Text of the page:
Note: This is written for grades 5 and up.  Teen readers would enjoy combining this with the fiction title, Code Name: Verity by Elizabeth Wein for another perspective of the war.

Code Name: Verity

by Elizabeth Wein

Female pilots are rarely the first thing that comes to mind when someone mentions WWII.  In reality, many did have the important task of ferrying new and/or damaged planes from airfield to airfield.  Thanks to those oft-forgotten women, Wein created Maddie, a young woman with an aptitude for mechanics.  Get to know Maddie through the eyes of her friend, a female spy.  This friend is a prisoner of war with an engaging story to tell.  Throughout much of the book, I couldn't help but wonder how much was really the cover story.  By the end you will know.  If you are a tenderheart, you will be blubbing your way to the finale.

Note: This title ties in well with the nonfiction title, Beyond Courage by Doreen Rappaport.

Wednesday, November 14, 2012

Hidden by Helen Frost

On a trip to the store, eight-year-old Wren was accidentally kidnapped during a car jacking. Six years later, the new girl in Wren's cabin at summer camp has a connection to that long-ago incident.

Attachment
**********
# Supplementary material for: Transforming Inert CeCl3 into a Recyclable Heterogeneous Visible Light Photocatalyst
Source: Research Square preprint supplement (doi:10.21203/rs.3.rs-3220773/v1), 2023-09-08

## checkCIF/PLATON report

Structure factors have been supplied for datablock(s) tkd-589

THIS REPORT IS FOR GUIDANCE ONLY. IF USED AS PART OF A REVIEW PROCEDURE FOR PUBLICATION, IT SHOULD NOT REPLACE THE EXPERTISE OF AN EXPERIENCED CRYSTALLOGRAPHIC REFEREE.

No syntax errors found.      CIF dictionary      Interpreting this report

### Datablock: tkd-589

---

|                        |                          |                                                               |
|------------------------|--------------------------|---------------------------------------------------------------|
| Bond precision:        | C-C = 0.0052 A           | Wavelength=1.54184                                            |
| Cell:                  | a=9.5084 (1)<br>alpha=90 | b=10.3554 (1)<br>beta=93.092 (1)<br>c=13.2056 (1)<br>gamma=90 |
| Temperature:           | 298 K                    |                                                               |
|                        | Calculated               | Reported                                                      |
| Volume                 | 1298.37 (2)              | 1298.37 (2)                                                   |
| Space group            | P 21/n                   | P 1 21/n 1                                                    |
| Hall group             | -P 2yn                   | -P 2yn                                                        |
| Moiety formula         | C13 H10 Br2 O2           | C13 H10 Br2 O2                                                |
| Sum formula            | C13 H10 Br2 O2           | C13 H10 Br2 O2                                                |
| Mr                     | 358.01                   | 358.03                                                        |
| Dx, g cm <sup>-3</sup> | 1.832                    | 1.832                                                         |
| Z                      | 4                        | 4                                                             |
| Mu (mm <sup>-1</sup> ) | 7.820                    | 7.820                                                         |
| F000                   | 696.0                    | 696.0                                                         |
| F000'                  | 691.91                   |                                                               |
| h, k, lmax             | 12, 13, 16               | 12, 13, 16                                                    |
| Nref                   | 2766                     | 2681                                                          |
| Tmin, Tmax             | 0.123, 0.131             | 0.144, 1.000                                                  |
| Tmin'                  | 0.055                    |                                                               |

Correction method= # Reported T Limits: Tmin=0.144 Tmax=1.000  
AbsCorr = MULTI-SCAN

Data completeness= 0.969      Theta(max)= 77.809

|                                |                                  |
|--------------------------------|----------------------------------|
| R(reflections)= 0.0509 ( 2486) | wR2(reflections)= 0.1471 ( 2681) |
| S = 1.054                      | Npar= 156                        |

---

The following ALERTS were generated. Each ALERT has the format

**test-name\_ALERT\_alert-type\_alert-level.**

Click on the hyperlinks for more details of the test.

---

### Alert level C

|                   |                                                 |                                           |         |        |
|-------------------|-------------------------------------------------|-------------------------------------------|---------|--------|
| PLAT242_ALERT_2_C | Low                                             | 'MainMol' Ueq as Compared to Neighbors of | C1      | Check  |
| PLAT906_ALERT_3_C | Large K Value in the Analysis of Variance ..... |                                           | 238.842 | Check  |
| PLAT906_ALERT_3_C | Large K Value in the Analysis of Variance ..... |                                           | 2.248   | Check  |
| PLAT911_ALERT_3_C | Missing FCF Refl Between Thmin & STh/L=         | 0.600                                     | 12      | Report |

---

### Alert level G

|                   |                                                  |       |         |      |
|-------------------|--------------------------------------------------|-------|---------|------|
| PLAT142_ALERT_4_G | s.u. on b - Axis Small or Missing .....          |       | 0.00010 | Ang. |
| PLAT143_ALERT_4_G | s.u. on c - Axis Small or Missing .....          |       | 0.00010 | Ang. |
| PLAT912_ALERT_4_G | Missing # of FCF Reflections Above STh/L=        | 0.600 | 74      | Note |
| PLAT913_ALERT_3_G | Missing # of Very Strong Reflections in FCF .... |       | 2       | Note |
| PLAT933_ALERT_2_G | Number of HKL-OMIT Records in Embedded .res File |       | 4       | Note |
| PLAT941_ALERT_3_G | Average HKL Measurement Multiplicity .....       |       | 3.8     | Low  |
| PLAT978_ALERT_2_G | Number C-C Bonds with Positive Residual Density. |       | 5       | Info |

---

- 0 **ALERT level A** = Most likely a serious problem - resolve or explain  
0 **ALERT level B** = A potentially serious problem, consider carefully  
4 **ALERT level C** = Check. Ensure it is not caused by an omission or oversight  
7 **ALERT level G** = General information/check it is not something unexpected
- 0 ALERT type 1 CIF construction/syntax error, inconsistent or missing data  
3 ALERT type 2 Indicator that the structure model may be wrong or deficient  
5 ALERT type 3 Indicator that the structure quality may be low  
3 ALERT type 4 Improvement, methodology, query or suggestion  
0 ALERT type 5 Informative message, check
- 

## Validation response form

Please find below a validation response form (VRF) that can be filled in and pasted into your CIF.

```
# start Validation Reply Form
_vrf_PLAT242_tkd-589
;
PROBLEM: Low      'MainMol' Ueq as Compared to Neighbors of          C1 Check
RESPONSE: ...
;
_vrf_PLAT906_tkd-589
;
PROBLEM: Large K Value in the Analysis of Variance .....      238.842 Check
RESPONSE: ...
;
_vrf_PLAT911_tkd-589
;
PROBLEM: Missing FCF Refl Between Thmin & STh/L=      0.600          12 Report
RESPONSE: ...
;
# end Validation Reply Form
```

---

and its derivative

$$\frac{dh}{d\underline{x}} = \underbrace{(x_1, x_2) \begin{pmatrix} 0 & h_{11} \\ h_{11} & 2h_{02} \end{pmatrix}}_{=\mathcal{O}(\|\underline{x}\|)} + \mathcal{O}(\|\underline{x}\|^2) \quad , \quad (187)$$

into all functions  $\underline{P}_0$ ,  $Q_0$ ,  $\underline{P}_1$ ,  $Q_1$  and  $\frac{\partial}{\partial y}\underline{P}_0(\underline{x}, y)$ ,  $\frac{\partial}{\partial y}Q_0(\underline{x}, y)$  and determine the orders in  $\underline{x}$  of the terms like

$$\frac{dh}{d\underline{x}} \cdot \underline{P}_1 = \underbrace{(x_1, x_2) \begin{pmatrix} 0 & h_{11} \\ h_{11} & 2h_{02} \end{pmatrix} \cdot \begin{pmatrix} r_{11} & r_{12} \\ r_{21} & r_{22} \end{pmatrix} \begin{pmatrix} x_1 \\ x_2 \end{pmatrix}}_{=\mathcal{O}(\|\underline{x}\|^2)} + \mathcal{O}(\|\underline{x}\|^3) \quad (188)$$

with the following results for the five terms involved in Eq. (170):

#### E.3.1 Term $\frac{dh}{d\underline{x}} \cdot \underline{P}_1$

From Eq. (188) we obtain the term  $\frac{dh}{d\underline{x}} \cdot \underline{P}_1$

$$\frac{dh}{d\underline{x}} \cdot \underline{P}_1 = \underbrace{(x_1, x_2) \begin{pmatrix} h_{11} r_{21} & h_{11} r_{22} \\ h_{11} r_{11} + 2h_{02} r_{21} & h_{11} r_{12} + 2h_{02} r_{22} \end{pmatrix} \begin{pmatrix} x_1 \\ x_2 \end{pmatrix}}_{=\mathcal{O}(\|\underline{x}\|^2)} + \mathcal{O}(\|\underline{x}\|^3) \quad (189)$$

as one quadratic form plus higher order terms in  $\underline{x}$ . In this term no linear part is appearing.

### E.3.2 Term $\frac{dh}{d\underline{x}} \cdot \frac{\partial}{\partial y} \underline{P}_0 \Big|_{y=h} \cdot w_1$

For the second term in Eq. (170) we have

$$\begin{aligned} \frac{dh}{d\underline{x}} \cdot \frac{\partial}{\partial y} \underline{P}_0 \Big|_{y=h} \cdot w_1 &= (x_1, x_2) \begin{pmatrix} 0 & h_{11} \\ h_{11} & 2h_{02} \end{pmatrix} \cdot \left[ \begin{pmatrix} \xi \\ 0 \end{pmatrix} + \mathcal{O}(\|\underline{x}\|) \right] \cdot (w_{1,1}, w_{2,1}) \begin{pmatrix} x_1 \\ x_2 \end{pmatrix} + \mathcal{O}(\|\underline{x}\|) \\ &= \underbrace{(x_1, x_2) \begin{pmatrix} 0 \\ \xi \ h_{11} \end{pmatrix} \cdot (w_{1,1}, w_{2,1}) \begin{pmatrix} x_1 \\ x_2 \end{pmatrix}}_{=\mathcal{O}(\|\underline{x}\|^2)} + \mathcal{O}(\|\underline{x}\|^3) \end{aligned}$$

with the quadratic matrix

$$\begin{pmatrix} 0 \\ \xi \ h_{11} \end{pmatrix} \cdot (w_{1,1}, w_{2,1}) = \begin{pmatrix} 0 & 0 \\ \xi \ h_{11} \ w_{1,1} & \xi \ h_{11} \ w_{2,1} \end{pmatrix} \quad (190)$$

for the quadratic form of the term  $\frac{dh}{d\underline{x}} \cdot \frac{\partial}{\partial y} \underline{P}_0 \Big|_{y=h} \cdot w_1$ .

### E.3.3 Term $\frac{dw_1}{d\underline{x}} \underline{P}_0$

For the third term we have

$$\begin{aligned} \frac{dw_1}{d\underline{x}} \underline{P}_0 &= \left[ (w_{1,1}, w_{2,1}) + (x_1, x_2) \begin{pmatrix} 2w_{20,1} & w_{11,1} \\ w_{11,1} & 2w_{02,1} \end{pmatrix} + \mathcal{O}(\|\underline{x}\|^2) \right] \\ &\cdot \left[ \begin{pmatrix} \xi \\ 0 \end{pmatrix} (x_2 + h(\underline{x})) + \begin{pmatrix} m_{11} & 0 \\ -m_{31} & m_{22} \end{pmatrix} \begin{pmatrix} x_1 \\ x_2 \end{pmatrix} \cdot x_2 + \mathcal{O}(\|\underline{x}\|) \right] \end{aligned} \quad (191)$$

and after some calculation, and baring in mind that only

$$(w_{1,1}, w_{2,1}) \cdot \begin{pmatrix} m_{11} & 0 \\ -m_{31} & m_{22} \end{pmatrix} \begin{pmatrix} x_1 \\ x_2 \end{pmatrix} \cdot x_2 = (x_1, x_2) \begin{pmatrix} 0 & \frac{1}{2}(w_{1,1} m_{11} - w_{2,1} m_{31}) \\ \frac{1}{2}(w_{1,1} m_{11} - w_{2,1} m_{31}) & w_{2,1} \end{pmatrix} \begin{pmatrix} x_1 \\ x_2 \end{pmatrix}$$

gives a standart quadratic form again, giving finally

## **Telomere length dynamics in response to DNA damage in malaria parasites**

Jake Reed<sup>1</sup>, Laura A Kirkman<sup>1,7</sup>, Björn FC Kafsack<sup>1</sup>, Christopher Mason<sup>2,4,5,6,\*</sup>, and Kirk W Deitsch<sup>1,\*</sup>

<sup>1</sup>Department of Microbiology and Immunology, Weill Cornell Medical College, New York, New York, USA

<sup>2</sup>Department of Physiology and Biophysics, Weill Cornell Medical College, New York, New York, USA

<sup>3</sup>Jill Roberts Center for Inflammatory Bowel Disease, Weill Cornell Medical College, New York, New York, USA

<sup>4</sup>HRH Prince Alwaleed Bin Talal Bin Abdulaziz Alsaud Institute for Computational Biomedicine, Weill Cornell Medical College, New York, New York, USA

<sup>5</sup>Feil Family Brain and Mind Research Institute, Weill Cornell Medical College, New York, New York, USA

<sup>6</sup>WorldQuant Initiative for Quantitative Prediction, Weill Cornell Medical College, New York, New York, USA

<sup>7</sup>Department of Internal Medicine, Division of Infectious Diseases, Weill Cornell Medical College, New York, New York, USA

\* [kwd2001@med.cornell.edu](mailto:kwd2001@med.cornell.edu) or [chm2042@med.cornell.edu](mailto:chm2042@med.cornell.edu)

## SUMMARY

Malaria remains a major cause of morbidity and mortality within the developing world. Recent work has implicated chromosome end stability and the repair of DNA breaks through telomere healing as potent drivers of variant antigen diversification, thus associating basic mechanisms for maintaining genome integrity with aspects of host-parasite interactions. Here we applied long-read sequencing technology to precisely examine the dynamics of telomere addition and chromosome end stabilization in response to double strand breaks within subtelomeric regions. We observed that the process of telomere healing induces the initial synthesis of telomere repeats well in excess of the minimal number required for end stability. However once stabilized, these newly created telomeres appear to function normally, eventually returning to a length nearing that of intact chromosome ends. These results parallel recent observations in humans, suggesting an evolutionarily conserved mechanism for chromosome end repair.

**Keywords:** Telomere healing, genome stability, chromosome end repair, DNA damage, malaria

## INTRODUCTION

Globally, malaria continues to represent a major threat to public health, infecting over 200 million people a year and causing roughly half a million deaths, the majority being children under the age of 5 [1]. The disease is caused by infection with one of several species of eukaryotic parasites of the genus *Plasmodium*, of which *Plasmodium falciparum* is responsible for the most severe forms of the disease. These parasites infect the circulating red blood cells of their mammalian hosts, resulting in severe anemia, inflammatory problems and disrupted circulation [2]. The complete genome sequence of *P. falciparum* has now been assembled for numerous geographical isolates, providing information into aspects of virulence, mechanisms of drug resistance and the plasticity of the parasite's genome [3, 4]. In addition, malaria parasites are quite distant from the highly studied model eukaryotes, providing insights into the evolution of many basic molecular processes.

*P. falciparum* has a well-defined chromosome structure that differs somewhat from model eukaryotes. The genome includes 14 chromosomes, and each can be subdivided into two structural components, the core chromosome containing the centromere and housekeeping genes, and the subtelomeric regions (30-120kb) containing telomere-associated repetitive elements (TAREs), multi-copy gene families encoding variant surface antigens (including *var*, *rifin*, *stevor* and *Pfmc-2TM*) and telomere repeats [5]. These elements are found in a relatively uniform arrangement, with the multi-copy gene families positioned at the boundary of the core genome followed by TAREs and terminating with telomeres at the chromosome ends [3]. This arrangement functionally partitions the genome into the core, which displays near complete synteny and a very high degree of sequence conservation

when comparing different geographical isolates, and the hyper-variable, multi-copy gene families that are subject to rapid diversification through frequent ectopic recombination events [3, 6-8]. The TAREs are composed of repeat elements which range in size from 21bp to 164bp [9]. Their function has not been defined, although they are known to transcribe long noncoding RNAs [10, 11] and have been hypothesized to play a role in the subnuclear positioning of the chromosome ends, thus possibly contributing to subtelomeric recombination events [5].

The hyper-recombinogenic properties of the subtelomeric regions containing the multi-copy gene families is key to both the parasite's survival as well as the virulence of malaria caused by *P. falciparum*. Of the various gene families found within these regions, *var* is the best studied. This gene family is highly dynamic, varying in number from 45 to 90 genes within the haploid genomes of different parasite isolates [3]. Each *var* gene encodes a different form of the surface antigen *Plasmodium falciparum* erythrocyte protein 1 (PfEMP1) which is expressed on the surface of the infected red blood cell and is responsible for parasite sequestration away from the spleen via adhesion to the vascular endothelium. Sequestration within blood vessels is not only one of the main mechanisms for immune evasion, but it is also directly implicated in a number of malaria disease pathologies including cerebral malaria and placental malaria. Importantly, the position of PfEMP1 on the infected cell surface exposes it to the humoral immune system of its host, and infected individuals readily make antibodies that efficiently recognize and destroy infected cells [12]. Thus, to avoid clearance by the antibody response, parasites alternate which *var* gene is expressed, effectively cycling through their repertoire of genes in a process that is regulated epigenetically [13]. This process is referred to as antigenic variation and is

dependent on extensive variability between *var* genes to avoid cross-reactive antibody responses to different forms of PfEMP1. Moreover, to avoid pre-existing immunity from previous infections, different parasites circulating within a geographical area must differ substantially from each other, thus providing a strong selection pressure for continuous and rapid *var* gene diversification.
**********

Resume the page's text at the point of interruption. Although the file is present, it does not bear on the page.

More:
The tension between the girls is well-told: Each is scared and wary of the other, and both have spent six years wondering about and kind of hating the other, without really ever having met. The story's told in alternating chapters between Wren and Darra, and each girl has her own poetic form - Wren in short, visually creative stanzas, and Darra in longer free-verse, with another facet of the story constructed between the lines.

It's a great story - something I haven't seen a bunch of times before - and I was completely captivated by the girls' stories and connection. They're relate-able characters with honest feelings and complicated lives. The book brings up some interesting subjects: victimization, difficult family relationships, mixed emotions, and childhood trauma. But it's not a heavy story. The story zips along briskly, and Frost has made every word work its hardest in less than 150 pages.